Dealmaking Is Relatively Easy Compared To Making Deals Work Long Term – Especially When Clients Are Much More Anxious About Markets
Even with the clouds of economic uncertainty and market volatility overhead, there’s little doubt that continued consolidation in the RIA space through M&A transactions is a trend that’s here to stay.
But while M&A between RIAs receives a great deal of attention when first announced, the reality is that many of these transactions fail to complete. Or worse yet, they crash and burn following completion because the post-deal integration didn’t work as planned.
Without question, post-merger integration is one of the single biggest challenges that face RIA owners who are thinking of selling their businesses. RIA leaders who sell their firms only to see new ownership lose client relationships due to mismatched solutions, poor service or other factors harm their legacies and professional relationships.
In addition, they fail to see full financial value for their businesses, as earn-out provisions are invariably part of the deal compensation for any RIA seller.
Two Levels of Deal Analysis
So if we can agree that the real work for an RIA deal is in the integration process, and the stakes are high for all parties involved if the process isn’t effective, where do we go from there?
Let’s start with creating a core checklist of mission-critical criteria that should be developed and baked into the M&A deal process by both parties, well before the definitive agreement is inked.
The checklist itself should be guided by recognition that integration potential should be assessed on two levels: First, sellers should ask whether the “hard” attributes of the buyers – capabilities, talent base, client base – meet their requirements.
And second, sellers need to evaluate where things stand on the “soft” attributes, especially the cultural fit.
This might sound easy to do, but the devil is very much in the details.
Harder Than it Looks
Sure, driving scalability is one of the top considerations for RIA deals, and for sellers as well as buyers. “If my client-facing team had access to a more well-resourced organization, just think of what we could accomplish!”
If only it were so simple. First, sellers consider the question of areas of specialization. Put more simply, do the buyers do the same type of client work we do? And if not, how are they going to bridge the gap between our respective areas of focus?
Here’s a specific example: The idea of combining retail wealth management and corporate retirement plan firms isn’t new. But one of the key ingredients that can make or break the success of deals between RIAs with such different capabilities is having senior individuals from the buyer’s side who have direct experience in the seller’s core business focus.
Making sure those individuals exist, and that they will be dedicated towards serving as a bridge between the organizations to fully capture the potential between the deal parties once the merger is finalized is central to a successful integration process.
Another major example of “hard” attributes includes client account transition teams – This means confirming well ahead of time that there is the right mix of personalities and talent from both firms to very actively guide clients of the selling firm to the combined entity.
Beyond the people, consider the logistics. Is there a clear and detailed action plan for moving client relationships under the new owners, getting client consent for transitions if needed and doing so with multiple positive communications and engagement touchpoints that drive greater confidence and trust?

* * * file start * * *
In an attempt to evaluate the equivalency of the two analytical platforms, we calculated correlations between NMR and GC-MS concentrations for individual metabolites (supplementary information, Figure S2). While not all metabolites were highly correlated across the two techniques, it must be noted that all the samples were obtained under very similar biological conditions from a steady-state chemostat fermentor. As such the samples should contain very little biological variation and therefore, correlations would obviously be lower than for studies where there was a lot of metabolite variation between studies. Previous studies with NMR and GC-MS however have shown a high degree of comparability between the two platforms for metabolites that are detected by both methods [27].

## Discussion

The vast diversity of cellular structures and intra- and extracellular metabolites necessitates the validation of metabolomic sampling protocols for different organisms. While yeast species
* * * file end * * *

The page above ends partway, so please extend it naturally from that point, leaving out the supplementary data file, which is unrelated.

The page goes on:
And of course, sellers must make certain there is a pre-existing fit when it comes to key industry partners, especially custodians and, if applicable, broker-dealers. If the buyers don’t share these same relationships, there must be a clear plan on their part for how to address this issue from day one.
Towards the Softer Side…
While hard attributes decide how well the physical pieces of the puzzle fit together, cultural compatibility adds up to far bigger consequences in RIA deals. Without a healthy alignment on values and service philosophy, the merged firms are guaranteed to encounter far greater integration challenges.
Some key questions to ask from the seller’s perspective during deal discussions include the following:
– What are the core values of the buyer, how do they live up to them and are they aligned with mine? It is also a good idea to ask to meet or speak with other advisors – both longer-tenured and those new to the firm – to confirm what you have been told about the culture.
– How much local autonomy will I have, if any, and what are the key areas of control I want to try to maintain?
– What is the approach to client service and is it aligned with mine? If different, are my clients going to be receiving a better experience and/or enhanced capabilities or is it a change for the sake of change?
– Are our investment management philosophies compatible? How will my clients feel about a shift, and over what time period will the adoption need to occur?
Integration Rising in Importance
There’s an argument to be made that M&A deals were just plain easier during the past bull market decade that we’ve enjoyed as a nation. Even if RIA buyers and sellers weren’t the best strategic or cultural fit, economic and market conditions rewarded the pursuit of scale for its own sake.
But while the RIA deal market remains strong and the forces for consolidation remain compelling, clients in an age of surging market volatility and economic uncertainty will be more closely scrutinizing service, support and performance.
In this environment, RIA buyers that can successfully partner with sellers to drive a truly seamless post-deal integration experience will create exponentially greater value for all.
Jeremy Holly is the Chief Development and Integration Officer at SageView Advisory Group.